To determine whether Id1 is normally expressed in the luminal epithelium during mammary development, as reported previously, we surveyed Id1 expression using a recently described monoclonal antibody to Id1 (Biocheck BCH-1/37-2; [9]) and compared it to the polyclonal antibody previously used to detect Id1 (SC-488; [6]). Staining with the polyclonal antibody was non-specific as positive nuclear and cytoplasmic staining was observed regardless of Id1 genotype (Figure 1A&B). The monoclonal antibody robustly detected Id1 in the mammary gland of bi-transgenic TRE-Id1+MTB animals as well as detecting endogenous Id1 expression in a proportion of cells in the mammary stroma and spleen of wildtype mice (Figure 1E). Staining of cells in the mammary stroma and spleen was absent in tissues from knockout hosts (Figure 1E). Staining with the monoclonal antibody BCH-1/37-2 did not readily detect Id1 expression in the mammary epithelium at any stage of mammary development, however nuclear Id1 expression was robustly detected in immune cells, endothelial cells and other stromal components (Figure 1F). Id1 was also not readily detected in the epithelium of normal human mammary gland derived from reduction mammoplasty (data not shown). We next used a spontaneous mouse model of basal-like breast cancer, derived from mammary transplants of p53 null epithelium, to test whether Id1 could be detected in mouse mammary tumours. Using the monoclonal antibody, Id1 positive cells were detected in tumours at a frequency ∼5–10% (Fig 1D). In comparison, the polyclonal antibody failed to detect Id1 positive cells (Figure 1C). These data demonstrate the high sensitivity and specificity of the monoclonal antibody compared to the low sensitivity and specificity of the polyclonal antibody.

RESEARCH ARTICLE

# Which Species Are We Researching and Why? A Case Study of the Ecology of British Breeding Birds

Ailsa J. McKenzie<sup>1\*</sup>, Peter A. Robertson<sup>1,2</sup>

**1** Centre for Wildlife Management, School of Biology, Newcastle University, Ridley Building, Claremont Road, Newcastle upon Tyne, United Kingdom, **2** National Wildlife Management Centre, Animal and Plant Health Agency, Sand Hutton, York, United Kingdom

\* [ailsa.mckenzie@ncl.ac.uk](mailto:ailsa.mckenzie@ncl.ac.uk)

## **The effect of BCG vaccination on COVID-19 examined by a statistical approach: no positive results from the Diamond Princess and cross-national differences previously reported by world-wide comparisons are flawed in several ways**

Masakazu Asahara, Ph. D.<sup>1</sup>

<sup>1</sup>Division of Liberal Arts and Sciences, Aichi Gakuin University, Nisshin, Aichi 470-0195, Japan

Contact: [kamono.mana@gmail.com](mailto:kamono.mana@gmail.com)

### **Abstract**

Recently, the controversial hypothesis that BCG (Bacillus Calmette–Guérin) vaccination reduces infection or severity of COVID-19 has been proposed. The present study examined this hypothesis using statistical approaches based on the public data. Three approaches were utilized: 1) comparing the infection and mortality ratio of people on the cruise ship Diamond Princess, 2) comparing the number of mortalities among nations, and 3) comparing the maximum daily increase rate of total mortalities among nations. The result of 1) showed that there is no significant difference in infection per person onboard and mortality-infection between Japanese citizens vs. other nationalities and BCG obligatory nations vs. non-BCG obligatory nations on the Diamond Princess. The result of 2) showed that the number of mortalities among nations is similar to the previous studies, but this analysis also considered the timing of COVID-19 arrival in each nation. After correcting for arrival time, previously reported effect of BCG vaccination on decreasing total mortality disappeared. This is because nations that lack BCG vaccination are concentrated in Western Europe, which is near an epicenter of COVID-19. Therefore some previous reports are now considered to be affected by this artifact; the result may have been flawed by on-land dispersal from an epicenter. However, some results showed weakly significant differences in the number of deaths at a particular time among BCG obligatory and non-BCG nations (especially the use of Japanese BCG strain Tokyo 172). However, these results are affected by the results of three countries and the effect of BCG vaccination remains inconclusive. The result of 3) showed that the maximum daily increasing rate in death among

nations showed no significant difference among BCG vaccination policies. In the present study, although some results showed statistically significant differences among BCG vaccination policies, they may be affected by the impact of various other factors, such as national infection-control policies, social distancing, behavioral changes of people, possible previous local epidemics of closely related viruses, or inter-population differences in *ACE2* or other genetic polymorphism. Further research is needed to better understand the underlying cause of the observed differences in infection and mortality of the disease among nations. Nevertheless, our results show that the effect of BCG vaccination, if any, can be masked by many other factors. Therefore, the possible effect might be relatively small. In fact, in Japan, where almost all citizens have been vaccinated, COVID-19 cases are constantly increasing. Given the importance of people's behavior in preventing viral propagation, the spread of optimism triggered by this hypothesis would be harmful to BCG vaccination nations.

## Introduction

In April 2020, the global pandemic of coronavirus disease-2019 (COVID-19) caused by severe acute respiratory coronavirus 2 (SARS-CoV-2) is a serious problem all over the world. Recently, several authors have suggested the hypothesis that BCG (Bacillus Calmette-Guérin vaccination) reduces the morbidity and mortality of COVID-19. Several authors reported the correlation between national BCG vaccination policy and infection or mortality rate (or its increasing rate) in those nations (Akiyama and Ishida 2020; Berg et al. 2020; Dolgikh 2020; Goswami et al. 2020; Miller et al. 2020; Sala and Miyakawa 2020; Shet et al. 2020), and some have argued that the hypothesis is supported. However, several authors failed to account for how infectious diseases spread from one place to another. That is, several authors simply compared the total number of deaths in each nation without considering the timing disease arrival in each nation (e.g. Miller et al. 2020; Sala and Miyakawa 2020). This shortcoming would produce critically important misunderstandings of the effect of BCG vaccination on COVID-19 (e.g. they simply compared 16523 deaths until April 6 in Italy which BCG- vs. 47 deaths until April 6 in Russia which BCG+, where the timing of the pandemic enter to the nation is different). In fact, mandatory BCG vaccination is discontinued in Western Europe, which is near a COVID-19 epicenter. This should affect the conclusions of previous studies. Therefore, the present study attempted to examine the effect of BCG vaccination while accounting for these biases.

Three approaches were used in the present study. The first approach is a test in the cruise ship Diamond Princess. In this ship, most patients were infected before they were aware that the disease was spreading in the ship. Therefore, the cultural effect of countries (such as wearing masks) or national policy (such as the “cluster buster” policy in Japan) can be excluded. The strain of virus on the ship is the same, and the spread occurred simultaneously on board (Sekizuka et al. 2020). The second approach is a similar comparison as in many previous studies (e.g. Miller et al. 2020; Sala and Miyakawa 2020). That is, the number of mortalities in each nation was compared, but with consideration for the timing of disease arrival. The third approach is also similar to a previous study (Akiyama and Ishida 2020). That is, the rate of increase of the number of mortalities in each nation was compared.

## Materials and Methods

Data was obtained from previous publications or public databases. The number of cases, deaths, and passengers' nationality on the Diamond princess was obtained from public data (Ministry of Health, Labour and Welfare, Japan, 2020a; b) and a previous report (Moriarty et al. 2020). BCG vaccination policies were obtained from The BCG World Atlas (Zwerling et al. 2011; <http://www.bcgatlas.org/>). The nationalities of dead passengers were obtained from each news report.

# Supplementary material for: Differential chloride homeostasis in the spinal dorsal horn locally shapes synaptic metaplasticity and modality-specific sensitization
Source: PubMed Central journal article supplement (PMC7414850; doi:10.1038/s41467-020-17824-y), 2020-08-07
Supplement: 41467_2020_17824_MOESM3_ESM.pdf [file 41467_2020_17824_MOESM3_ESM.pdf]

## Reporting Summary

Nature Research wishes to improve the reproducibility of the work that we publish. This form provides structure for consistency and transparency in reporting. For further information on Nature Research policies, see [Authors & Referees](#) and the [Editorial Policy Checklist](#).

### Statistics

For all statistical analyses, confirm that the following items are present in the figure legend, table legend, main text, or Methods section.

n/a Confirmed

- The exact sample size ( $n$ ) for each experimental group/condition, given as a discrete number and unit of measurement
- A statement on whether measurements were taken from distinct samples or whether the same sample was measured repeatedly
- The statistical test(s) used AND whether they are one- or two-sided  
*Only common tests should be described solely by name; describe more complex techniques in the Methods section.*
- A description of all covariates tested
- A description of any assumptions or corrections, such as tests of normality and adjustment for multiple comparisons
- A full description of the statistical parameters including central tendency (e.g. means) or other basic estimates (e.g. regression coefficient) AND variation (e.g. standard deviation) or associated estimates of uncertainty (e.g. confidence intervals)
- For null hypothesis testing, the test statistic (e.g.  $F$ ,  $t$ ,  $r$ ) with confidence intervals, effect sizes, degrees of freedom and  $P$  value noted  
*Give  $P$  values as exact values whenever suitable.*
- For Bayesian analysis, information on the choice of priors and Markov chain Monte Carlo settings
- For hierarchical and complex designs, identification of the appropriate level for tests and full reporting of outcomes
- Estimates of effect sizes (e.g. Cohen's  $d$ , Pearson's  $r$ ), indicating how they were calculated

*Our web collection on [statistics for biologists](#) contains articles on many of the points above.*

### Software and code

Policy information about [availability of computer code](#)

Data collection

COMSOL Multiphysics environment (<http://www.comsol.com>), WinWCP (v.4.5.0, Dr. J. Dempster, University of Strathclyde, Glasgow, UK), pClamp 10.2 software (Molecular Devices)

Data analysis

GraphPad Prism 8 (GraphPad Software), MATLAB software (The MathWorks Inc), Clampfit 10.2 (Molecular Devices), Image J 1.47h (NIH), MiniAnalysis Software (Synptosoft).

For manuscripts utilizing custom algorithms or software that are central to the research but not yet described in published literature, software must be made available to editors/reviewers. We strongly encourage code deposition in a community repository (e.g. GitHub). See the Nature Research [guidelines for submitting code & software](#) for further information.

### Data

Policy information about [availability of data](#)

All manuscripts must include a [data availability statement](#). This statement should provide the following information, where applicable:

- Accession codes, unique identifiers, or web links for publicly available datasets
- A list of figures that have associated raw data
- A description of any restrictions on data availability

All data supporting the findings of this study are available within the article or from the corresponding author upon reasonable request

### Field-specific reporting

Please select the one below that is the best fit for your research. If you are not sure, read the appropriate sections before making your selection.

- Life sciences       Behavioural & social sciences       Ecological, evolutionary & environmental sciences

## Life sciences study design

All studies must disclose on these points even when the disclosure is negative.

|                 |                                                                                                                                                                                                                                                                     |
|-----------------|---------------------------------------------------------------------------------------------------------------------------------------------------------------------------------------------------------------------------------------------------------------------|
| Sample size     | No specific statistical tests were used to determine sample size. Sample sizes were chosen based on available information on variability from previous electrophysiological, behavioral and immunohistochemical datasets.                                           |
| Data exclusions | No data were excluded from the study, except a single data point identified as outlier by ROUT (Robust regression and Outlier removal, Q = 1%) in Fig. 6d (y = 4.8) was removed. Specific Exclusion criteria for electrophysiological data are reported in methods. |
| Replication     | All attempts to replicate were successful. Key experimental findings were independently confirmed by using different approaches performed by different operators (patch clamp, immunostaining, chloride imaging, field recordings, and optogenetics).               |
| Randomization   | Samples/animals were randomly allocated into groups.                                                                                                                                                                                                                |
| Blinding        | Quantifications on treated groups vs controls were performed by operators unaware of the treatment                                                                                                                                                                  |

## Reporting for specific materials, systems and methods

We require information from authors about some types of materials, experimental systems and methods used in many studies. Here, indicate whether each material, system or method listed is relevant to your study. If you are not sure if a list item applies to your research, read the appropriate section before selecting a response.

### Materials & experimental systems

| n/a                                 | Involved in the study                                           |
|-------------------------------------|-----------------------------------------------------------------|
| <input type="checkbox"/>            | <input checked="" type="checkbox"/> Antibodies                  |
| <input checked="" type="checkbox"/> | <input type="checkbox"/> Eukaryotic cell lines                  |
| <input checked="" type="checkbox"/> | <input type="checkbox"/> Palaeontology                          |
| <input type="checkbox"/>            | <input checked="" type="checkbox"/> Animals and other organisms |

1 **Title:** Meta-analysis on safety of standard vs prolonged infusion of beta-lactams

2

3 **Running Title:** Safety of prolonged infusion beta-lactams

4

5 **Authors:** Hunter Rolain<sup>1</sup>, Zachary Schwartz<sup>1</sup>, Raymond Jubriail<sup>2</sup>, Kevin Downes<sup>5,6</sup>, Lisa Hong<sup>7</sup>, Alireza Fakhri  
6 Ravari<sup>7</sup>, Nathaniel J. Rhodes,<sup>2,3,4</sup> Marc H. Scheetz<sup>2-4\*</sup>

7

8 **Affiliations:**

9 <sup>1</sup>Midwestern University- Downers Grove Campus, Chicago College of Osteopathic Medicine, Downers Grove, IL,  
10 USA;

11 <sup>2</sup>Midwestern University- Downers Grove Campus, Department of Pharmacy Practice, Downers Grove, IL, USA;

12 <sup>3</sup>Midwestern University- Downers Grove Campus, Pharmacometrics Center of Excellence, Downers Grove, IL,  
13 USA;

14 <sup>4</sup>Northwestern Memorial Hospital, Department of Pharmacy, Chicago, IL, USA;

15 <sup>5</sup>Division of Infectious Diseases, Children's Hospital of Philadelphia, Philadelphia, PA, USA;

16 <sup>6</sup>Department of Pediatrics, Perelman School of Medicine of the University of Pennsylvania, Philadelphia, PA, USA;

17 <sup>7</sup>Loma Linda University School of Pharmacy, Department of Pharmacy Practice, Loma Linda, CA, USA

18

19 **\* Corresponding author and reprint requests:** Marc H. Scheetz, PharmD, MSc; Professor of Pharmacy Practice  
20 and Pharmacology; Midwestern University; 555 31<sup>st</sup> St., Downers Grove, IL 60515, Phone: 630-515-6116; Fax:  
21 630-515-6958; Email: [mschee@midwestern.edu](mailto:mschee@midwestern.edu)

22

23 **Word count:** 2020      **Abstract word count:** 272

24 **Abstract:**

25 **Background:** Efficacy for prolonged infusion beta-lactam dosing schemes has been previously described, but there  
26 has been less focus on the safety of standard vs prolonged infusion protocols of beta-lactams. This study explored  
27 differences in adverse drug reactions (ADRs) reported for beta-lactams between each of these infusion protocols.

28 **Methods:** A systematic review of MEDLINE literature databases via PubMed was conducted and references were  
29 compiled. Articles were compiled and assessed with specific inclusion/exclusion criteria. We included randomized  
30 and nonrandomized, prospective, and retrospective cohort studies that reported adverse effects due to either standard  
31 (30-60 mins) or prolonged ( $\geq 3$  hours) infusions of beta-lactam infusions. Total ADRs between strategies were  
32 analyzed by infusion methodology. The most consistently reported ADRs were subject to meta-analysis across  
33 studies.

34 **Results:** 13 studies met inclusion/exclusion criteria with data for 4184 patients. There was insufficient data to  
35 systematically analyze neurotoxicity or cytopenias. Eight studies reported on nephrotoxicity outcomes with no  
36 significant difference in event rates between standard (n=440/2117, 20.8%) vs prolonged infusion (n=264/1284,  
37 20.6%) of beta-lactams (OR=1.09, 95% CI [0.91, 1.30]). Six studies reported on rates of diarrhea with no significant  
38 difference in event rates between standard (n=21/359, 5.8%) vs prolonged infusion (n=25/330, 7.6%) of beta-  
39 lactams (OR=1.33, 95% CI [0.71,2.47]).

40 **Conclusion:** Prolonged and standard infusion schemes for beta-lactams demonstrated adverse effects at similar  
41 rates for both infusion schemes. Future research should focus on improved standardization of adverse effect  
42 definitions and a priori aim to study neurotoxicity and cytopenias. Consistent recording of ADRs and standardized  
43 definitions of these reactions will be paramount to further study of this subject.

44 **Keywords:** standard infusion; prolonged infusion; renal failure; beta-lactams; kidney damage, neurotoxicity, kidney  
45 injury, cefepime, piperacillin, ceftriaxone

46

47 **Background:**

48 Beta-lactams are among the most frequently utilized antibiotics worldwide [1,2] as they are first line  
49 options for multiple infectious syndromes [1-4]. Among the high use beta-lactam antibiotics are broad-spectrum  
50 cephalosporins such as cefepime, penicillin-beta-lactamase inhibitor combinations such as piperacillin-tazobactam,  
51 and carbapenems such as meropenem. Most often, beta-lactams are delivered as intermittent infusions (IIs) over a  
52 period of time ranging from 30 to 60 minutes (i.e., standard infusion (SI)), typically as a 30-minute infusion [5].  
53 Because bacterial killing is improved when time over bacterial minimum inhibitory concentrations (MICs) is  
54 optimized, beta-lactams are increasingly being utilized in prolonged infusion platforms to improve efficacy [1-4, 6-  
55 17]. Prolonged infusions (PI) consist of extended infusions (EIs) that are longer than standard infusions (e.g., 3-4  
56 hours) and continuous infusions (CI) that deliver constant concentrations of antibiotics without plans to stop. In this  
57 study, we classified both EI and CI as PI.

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Figure 1. Id1 expression in the mouse mammary gland.

Santa Cruz SC-488 polyclonal antibody does not specifically recognise Id1. Mammary glands from 10 week old virgin wildtype (A) and Id1-null (B) mice were immuno-stained for Id1 using SC-488. Note the non-specific positive staining of epithelial cells regardless of genotype (inset). A spontaneous p53-null mammary tumor was immunostained for Id1 using SC-488 (C) or BCH-1/#37-2 monoclonal antibody (D). (E) BCH-1/#37-2 monoclonal antibody was used to immunostain for Id1 in Id1-transgenic mammary glands, or spleen taken from a wildtype (WT) or Id1-null mouse. Id1-positive cells in the spleen are endothelium. (F) Id1 immunostaining (BCH-1/#37-2) was conducted on mouse mammary glands at various stages of mammary gland development: 5 weeks old, 12 week old virgin, 4 days post-coitus (dpc), 18 dpc, lactating 4 days postpartum (dpp) and lactating 15 dpp. Arrows indicate examples of Id1-positive cells.

https://doi.org/10.1371/journal.pone.0011947.g001

Generation of an Id1-transgenic mouse